Scouting Haaland, helping bring Saliba to Arsenal, and Celtic 'black ops': Hibs DOF Brian McDermott speaks on talent ID
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Easter Road CEO Ben Kensell announced that the incoming senior figure would ideally have a ‘recruitment bias’. As a former scout with Reading, Arsenal, and Celtic McDermott is well placed to cast an appraising eye over potential signings from all over the world.
After all, during his time at Arsenal he ran the rule over Erling Haaland when the Norwegian forward was on the cusp of becoming the hottest property in the world game. The 62-year-old has watched hundreds, thousands of players over the years. He could see the record-breaking Manchester City striker had something special about him when he was making waves at Molde.
‘They had it worked out’
“I watched Haaland three times and I was like, ‘Blimey, who is this kid?’. I met his dad [Alfie] and we had really good conversations, but I felt they knew the path they wanted for him,” McDermott told The Athletic in an interview last year.
“You can go to a massive club at that age and you can get lost. I’m not saying he would have done [at Arsenal], because he was outstanding, but I just sensed he and his dad wanted to do it differently. It was already written. He went to Salzburg and yes, I get that. Borussia Dortmund; yes, I get that. From there you can go to Manchester City, Real Madrid, wherever. They had it worked out.”
Among the players McDermott watched during his time at the Emirates were Francisco Trincão, currently on Barcelona’s books; Pierre-Emerick Aubameyang, who hit 92 goals in 163 games for the Gunners after signing from Borussia Dortmund, and Saint-Étienne defender William Saliba, now a regular starter under Mikel Arteta.
McDermott entered management first with Slough Town, initially as player-manager, and had a spell in the Woking hotseat after doing his coaching badges at the age of 28. Before his management experience started he had worked with Slough’s community programme, coaching young boys and girls – ‘unique in the 1990s’, he told World Football Index in a recent interview.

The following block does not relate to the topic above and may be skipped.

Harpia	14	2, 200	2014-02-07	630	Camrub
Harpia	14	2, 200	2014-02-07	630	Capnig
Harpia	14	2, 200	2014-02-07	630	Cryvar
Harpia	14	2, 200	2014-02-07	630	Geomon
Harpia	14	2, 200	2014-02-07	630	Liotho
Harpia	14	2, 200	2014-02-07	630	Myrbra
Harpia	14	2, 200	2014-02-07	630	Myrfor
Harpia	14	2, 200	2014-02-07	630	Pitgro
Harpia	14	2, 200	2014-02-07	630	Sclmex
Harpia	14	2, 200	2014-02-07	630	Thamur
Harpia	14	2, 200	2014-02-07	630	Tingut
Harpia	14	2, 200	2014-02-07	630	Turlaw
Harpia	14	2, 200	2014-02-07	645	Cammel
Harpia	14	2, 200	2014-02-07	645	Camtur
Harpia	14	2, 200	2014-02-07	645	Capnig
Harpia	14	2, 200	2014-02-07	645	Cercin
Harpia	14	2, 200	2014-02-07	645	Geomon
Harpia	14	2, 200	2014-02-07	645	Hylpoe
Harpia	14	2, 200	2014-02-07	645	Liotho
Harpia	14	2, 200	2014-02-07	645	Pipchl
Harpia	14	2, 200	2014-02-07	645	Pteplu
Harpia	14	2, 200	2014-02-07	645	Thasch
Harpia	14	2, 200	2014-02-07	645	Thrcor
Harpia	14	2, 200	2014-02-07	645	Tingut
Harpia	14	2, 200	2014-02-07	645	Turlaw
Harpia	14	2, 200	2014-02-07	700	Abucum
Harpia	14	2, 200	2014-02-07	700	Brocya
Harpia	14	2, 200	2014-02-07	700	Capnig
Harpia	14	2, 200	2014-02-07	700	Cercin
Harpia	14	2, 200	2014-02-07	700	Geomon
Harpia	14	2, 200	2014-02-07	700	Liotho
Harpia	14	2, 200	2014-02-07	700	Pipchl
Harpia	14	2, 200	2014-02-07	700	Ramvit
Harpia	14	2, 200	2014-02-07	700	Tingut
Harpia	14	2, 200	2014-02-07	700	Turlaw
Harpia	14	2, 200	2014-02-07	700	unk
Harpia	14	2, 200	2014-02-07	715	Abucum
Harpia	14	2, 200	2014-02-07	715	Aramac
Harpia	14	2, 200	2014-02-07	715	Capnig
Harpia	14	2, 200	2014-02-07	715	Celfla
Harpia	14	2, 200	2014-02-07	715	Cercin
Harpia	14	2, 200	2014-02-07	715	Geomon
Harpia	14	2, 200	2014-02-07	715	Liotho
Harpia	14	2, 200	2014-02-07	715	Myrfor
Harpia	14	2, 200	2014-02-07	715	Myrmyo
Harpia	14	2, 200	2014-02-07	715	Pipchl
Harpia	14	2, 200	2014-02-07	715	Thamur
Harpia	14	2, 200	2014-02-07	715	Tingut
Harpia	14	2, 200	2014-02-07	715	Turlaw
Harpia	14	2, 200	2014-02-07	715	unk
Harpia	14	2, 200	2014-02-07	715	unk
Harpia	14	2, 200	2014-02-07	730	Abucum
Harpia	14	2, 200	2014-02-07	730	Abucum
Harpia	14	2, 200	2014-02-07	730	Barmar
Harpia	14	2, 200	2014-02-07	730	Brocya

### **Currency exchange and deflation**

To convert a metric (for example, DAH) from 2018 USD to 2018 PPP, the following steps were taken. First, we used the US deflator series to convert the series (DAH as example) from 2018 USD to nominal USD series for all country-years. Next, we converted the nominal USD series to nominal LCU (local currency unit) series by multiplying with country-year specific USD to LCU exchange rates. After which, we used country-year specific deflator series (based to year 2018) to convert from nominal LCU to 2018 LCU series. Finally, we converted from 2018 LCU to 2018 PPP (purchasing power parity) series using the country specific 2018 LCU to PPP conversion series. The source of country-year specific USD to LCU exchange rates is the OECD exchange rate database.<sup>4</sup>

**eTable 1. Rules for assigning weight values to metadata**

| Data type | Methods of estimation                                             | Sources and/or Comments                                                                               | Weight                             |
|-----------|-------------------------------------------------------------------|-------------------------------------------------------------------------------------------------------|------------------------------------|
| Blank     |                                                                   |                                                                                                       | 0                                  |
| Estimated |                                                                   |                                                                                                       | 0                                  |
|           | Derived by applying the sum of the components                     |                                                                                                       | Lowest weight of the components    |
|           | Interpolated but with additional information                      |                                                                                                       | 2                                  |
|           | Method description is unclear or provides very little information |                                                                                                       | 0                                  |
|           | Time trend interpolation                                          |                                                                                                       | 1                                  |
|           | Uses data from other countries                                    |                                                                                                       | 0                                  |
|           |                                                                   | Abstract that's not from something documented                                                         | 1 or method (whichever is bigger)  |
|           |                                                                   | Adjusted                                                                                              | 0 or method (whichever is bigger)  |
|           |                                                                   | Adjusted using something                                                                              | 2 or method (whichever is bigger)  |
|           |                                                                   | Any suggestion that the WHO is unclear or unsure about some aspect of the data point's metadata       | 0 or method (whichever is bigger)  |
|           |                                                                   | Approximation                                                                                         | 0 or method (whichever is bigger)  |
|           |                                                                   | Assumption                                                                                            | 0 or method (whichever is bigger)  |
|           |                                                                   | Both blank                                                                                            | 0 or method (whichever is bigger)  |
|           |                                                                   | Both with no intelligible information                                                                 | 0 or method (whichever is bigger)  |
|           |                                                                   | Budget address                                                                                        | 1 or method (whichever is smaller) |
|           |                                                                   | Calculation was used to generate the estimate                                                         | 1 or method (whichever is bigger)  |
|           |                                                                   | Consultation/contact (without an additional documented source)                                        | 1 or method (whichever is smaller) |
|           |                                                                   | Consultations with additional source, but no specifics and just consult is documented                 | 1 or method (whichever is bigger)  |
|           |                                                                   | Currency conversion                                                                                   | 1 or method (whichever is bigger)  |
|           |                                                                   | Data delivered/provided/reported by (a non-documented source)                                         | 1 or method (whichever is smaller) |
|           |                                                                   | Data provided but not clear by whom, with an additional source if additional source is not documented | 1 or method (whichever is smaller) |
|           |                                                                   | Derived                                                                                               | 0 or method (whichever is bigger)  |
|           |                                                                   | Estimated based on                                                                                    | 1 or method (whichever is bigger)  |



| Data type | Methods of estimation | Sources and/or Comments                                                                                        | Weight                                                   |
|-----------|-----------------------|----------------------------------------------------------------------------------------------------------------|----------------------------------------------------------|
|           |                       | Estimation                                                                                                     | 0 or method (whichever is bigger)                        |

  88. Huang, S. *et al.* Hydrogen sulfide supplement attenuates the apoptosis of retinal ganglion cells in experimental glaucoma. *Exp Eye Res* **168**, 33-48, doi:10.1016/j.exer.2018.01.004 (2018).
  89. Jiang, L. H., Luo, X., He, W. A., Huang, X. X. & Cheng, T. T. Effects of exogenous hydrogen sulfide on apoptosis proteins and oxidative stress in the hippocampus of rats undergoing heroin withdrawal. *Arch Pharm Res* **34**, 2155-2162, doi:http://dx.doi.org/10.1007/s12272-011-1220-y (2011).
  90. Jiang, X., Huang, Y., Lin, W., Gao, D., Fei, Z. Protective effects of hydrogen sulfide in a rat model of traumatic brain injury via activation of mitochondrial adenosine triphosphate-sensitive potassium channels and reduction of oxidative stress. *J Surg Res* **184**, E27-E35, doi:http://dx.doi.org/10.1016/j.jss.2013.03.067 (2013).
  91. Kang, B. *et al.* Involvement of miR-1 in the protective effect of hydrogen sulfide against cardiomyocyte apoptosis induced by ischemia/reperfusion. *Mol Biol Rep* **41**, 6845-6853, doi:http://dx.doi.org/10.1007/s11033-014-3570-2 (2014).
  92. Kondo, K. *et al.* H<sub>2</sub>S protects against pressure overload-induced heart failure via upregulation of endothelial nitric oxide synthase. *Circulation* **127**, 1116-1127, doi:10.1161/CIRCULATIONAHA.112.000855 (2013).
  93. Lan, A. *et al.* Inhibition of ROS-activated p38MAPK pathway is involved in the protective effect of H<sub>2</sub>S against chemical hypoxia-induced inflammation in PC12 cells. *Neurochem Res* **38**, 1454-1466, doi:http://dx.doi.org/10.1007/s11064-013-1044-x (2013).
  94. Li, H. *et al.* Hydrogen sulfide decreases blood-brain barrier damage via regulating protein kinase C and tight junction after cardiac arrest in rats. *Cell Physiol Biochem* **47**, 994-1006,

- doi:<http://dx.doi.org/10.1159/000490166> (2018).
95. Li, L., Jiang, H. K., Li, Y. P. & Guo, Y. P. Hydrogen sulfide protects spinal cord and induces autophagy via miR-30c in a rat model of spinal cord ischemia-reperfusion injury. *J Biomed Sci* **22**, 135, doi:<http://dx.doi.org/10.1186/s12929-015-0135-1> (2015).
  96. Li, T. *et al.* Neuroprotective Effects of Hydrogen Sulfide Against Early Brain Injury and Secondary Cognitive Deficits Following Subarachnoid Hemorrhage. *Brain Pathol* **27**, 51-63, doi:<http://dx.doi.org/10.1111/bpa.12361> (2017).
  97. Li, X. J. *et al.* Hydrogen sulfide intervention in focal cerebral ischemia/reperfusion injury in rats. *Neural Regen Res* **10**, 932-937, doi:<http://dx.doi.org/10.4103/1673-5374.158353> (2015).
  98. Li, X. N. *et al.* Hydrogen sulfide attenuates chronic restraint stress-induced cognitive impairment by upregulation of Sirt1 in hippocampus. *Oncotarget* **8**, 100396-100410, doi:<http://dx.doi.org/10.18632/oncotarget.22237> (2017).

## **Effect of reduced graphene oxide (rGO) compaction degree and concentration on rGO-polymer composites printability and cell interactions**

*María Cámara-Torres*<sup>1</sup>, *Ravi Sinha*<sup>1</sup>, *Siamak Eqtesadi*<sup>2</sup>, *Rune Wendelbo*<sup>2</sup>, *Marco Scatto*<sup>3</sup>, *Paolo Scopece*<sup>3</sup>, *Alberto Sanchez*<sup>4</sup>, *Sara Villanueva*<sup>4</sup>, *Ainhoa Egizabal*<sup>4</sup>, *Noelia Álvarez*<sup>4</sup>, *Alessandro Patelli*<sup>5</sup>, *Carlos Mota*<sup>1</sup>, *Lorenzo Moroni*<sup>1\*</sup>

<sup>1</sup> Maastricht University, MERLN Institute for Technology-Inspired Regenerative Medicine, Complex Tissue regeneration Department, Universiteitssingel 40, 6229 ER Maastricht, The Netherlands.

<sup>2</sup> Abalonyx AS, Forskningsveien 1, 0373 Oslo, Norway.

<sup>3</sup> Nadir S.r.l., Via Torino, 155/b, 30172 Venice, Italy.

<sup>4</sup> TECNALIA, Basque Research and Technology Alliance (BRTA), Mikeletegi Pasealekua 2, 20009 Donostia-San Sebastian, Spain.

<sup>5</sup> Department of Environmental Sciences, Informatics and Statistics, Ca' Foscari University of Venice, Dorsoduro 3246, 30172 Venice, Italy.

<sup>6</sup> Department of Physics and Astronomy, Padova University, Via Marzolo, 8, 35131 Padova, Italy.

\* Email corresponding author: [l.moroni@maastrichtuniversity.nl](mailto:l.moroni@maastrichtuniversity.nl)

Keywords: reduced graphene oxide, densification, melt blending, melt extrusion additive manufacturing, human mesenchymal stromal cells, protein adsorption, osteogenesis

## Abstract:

‘I became a manager by default… I loved finding players’
There wasn’t a carefully constructed plan to enter coaching, and when he joined Reading in September 2000 he took on a role as chief scout and the Royals’ under-17s, later taking charge of the under-19 and reserve teams, which allowed him to maintain his scouting activities and keep his hand in coaching. Among the gems he sourced for Reading were Kevin Doyle and Shane Long from Cork City in Ireland, who both helped Reading win promotion and went on to have decent careers in the top two tiers of English football.
He was thrust into management almost by accident when he took on caretaker duties at Reading when Brendan Rodgers left by mutual consent. His first game? A 1-1 draw with Gary Johnson’s Bristol City, with a certain Lee Johnson on the bench, and Jamie McAllister (and Liam Fontaine) in the defence.
“I wasn't looking to become a manager,” he said at his unveiling on Thursday. “I loved finding players, and we found so many good players and that's my thing. I did the same thing at Arsenal and really relish that. So I guess I became a manager by default. But I kind of did the director of football job between 2000 and 2009, just without the title. Nick Hammond was the director of football but I involved myself in every part of the football club because I wanted to. I was doing mad hours, it was crazy, but I loved it and I enjoyed it.”
Kensell and Johnson’s eyes lit up at those words. The CEO and manager aren’t beyond speaking to each other at ohmygod o’clock as they plot the next step in trying to take Hibs forward. Now they have a third person to involve in their conversations at unsociable hours.
‘When you don’t recruit well, you don’t do so well’
Sourcing the next Haaland or Saliba for Hibs might be a bit of a tall order but McDermott is approaching the transfer window having dealt with them as a manager and a scout. He knows what to do, and what not to do.
“I've recruited well as a manager, and I've recruited not so well,” he admits. “When you don't recruit so well, you don't do so well, so it's an important stage of the process. We're just trying to add to the good players we already have here.
"What we have to do is make sure that we go to the manager with our targets and say this is what we've got, these are the different options, and we'll talk through it all. That's the most important thing. I”m buzzing just at the thought of speaking about the process,” he adds.
‘I just want to make something happen and make people proud of Hibs’
He laughs off the implication that his years in England might make him unfamiliar with the Scottish game but his remarks should serve to reassure even the most sceptical of Hibs fans.
"I've scouted in this country many, many times. I've scouted at Hibs, I was at Celtic – I did it quietly – and did a lot of video scouting after Covid. I was at Arsenal for a long time, looking at players all over the world.
"All the players you see playing for Celtic now, I watched them. There's some good players they didn't get, that they didn't manage to quite get over the line, as well. I know this market really well, I know the country, and I know how it all works in this country as far as scouting is concerned.
"But it’s not about the title or me, it's about what's best for the football club. There are some really good people here, and you can tell there's a good vibe. At my stage in life, that's what I want. I want to really enjoy my time, work hard, and try to make something happen – and make people proud of their club."